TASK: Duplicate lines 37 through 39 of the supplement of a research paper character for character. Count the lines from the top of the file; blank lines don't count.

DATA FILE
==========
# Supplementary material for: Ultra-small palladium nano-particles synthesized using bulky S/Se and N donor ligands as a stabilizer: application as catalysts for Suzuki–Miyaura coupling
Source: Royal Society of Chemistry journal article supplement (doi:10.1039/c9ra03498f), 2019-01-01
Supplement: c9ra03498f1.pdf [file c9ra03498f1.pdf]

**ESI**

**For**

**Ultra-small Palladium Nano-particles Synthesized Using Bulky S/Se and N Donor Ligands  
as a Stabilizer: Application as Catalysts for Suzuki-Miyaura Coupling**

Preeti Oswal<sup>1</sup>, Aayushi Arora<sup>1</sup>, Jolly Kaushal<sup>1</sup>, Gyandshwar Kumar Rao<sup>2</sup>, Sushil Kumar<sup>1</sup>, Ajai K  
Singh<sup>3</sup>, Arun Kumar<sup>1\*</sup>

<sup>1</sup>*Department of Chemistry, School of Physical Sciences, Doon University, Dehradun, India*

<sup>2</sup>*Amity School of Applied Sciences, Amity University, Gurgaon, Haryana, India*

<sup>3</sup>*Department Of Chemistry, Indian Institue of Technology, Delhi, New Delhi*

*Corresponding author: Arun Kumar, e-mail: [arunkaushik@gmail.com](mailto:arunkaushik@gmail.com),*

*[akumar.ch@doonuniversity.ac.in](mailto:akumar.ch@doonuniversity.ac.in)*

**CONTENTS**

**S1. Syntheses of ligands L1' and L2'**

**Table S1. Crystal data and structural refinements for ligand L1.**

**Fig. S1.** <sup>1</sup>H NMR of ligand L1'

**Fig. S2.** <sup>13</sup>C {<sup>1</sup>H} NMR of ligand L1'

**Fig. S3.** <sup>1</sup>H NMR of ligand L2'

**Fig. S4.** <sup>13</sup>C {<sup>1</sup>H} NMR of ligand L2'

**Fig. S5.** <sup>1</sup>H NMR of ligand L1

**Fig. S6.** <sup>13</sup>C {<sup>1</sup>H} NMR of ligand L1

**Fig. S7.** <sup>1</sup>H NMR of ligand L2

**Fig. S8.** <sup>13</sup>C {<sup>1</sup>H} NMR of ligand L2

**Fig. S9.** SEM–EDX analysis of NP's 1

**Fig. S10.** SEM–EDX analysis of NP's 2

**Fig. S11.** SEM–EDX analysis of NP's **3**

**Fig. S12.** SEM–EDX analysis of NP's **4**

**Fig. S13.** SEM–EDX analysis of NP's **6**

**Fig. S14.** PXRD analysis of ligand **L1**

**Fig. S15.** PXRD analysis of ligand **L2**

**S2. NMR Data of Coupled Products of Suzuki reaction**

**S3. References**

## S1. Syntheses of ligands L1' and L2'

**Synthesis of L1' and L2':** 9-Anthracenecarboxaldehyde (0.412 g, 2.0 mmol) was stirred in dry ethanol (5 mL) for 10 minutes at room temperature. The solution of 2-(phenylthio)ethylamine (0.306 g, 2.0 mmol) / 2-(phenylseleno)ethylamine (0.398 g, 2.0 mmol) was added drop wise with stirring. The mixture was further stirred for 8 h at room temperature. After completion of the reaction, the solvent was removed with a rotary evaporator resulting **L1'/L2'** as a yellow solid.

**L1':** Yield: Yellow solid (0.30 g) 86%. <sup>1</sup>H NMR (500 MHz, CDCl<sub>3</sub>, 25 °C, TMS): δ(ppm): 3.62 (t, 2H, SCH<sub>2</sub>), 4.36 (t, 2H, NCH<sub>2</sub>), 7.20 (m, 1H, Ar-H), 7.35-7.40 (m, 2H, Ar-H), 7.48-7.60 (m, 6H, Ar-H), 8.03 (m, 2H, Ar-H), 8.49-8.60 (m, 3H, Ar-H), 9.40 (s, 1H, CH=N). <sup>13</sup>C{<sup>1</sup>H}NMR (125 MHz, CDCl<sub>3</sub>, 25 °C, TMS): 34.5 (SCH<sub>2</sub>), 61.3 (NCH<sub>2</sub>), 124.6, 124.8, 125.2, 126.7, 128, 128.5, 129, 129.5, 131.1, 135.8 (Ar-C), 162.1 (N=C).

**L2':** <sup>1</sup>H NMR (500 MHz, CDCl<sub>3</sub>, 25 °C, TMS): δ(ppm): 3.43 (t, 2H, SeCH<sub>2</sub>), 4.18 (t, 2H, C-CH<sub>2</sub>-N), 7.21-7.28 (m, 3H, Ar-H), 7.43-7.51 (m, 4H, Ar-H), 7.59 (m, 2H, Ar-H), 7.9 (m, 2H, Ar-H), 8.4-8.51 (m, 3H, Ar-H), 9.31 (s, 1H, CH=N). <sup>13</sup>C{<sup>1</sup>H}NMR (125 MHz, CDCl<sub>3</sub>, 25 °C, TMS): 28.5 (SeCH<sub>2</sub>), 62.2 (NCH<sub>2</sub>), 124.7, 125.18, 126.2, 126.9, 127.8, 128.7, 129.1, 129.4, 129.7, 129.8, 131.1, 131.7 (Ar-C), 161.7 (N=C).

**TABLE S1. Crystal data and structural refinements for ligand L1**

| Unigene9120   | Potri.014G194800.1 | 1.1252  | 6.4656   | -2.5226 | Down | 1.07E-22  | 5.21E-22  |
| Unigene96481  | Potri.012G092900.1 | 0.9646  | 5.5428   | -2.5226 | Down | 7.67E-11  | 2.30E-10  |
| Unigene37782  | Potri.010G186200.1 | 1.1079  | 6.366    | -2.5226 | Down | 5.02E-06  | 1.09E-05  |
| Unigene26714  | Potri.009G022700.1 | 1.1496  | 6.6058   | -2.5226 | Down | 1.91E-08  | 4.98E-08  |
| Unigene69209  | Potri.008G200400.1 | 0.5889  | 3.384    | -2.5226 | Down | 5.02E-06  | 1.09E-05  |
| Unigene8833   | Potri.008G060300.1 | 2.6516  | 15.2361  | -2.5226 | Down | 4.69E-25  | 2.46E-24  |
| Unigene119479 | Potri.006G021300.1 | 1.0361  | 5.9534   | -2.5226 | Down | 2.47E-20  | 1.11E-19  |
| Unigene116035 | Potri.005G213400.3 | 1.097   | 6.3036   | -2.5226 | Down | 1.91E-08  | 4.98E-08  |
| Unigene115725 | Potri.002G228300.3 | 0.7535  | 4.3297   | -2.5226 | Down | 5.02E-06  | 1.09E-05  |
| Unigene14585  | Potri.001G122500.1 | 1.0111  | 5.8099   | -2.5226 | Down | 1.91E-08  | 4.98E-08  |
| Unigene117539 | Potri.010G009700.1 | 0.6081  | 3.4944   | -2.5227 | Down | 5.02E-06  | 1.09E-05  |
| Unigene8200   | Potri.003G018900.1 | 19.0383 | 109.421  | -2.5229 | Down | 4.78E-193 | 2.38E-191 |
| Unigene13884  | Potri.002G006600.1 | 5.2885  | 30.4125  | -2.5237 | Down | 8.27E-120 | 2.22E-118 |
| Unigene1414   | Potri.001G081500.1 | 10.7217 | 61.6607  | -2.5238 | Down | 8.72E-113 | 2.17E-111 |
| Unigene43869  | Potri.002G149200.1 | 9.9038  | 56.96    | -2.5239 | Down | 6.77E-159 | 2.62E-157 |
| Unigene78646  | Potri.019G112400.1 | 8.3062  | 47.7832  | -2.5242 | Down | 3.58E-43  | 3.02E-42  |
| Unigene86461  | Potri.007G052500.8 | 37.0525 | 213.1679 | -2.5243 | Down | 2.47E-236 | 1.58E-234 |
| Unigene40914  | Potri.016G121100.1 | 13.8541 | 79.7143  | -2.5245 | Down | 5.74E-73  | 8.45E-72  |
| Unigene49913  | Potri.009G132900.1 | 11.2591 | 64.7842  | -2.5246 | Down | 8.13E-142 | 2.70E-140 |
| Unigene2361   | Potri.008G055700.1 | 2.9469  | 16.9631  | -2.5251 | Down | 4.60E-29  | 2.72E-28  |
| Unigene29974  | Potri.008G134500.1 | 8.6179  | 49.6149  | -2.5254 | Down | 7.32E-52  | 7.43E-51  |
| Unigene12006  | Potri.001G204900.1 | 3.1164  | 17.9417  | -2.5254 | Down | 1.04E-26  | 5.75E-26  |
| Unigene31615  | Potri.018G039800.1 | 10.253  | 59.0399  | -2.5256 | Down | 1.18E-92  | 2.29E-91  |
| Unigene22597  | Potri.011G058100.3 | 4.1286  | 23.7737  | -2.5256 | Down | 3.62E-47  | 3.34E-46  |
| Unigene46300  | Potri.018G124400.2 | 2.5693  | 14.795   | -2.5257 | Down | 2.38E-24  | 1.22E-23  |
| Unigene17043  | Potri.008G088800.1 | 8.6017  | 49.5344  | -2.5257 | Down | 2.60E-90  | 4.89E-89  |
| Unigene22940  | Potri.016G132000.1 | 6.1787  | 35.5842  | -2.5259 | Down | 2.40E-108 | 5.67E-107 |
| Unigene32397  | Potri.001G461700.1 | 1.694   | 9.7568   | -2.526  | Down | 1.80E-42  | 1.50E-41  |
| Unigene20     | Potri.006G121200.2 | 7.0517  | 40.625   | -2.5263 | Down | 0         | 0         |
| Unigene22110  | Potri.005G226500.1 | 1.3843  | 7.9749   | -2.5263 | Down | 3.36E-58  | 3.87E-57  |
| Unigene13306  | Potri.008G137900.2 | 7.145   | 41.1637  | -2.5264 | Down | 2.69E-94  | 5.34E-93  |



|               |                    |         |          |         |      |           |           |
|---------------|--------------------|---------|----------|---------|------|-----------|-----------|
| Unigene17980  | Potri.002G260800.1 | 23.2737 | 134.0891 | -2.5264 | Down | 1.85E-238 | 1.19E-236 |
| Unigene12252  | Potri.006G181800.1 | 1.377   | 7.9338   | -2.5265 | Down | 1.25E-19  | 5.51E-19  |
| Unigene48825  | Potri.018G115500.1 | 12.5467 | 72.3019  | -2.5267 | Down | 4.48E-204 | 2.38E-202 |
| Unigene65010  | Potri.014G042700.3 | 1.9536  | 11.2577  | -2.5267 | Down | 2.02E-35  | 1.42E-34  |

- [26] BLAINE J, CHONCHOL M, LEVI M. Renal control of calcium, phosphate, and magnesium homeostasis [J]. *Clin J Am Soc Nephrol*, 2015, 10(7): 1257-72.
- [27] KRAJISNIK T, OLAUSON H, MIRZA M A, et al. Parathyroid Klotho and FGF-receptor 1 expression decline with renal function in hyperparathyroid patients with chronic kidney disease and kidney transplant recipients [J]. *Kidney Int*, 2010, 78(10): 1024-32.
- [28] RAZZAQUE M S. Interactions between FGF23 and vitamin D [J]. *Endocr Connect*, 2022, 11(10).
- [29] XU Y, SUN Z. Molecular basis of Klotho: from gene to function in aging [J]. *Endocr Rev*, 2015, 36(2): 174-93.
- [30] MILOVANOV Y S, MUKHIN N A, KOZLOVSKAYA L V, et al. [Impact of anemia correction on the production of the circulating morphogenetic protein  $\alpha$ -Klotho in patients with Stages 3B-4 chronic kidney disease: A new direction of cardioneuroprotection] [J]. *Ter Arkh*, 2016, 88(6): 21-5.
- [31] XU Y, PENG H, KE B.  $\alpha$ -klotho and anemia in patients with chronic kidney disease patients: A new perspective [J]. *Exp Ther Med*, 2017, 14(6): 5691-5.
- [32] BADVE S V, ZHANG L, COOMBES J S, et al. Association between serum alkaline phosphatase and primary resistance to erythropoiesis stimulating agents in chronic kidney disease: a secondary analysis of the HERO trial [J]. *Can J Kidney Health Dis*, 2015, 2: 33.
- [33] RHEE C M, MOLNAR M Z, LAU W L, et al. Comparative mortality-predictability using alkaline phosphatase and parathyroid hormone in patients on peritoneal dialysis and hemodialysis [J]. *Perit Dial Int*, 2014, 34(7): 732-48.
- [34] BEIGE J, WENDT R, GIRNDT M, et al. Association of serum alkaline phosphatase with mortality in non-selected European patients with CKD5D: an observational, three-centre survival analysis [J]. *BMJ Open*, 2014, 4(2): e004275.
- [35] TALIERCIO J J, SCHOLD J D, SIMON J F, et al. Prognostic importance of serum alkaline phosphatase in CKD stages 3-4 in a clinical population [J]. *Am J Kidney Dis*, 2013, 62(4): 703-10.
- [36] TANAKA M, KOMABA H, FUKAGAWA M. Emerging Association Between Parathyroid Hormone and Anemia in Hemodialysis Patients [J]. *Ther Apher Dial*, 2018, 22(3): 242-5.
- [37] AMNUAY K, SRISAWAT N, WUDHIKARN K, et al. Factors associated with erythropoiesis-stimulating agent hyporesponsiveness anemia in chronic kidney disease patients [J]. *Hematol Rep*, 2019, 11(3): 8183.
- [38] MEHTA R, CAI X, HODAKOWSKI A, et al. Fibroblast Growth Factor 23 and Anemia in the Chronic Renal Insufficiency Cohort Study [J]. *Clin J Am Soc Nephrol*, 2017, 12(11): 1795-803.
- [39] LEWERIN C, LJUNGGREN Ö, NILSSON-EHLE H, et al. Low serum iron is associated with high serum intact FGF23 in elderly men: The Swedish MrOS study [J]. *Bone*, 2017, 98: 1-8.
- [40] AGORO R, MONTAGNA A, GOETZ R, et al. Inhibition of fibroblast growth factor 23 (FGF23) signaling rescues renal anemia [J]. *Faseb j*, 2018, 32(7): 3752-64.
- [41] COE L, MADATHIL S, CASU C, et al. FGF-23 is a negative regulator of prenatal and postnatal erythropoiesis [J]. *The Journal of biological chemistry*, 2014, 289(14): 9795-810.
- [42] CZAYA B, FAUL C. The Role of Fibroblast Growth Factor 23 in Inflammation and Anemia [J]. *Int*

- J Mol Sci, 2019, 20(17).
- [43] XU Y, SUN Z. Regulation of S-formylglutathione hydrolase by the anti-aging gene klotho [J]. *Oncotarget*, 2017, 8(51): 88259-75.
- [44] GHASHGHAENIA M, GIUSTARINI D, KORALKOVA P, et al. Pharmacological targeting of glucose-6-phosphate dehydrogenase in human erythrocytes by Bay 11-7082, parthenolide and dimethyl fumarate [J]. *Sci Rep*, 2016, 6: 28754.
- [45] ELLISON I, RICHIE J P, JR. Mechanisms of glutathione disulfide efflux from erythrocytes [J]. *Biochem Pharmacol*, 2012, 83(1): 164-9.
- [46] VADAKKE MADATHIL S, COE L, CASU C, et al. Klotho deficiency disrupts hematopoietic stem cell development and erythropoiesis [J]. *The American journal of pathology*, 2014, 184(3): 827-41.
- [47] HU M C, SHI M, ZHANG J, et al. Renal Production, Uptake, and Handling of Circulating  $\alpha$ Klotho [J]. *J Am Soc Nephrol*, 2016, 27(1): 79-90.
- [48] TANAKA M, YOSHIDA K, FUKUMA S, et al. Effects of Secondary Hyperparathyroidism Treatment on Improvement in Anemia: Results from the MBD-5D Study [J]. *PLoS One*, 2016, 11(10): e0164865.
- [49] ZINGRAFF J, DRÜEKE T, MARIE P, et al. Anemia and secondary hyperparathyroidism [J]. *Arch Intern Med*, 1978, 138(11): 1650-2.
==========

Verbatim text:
**L1':** Yield: Yellow solid (0.30 g) 86%. <sup>1</sup>H NMR (500 MHz, CDCl<sub>3</sub>, 25 °C, TMS): δ(ppm): 3.62 (t, 2H, SCH<sub>2</sub>), 4.36 (t, 2H, NCH<sub>2</sub>), 7.20 (m, 1H, Ar-H), 7.35-7.40 (m, 2H, Ar-H), 7.48-7.60 (m, 6H, Ar-H), 8.03 (m, 2H, Ar-H), 8.49-8.60 (m, 3H, Ar-H), 9.40 (s, 1H, CH=N). <sup>13</sup>C{<sup>1</sup>H}NMR (125 MHz, CDCl<sub>3</sub>, 25 °C, TMS): 34.5 (SCH<sub>2</sub>), 61.3 (NCH<sub>2</sub>), 124.6, 124.8, 125.2, 126.7, 128, 128.5, 129, 129.5, 131.1, 135.8 (Ar-C), 162.1 (N=C).

**L2':** <sup>1</sup>H NMR (500 MHz, CDCl<sub>3</sub>, 25 °C, TMS): δ(ppm): 3.43 (t, 2H, SeCH<sub>2</sub>), 4.18 (t, 2H, C-CH<sub>2</sub>-N), 7.21-7.28 (m, 3H, Ar-H), 7.43-7.51 (m, 4H, Ar-H), 7.59 (m, 2H, Ar-H), 7.9 (m, 2H, Ar-H), 8.4-8.51 (m, 3H, Ar-H), 9.31 (s, 1H, CH=N). <sup>13</sup>C{<sup>1</sup>H}NMR (125 MHz, CDCl<sub>3</sub>, 25 °C, TMS): 28.5 (SeCH<sub>2</sub>), 62.2 (NCH<sub>2</sub>), 124.7, 125.18, 126.2, 126.9, 127.8, 128.7, 129.1, 129.4, 129.7, 129.8, 131.1, 131.7 (Ar-C), 161.7 (N=C).

**TABLE S1. Crystal data and structural refinements for ligand L1**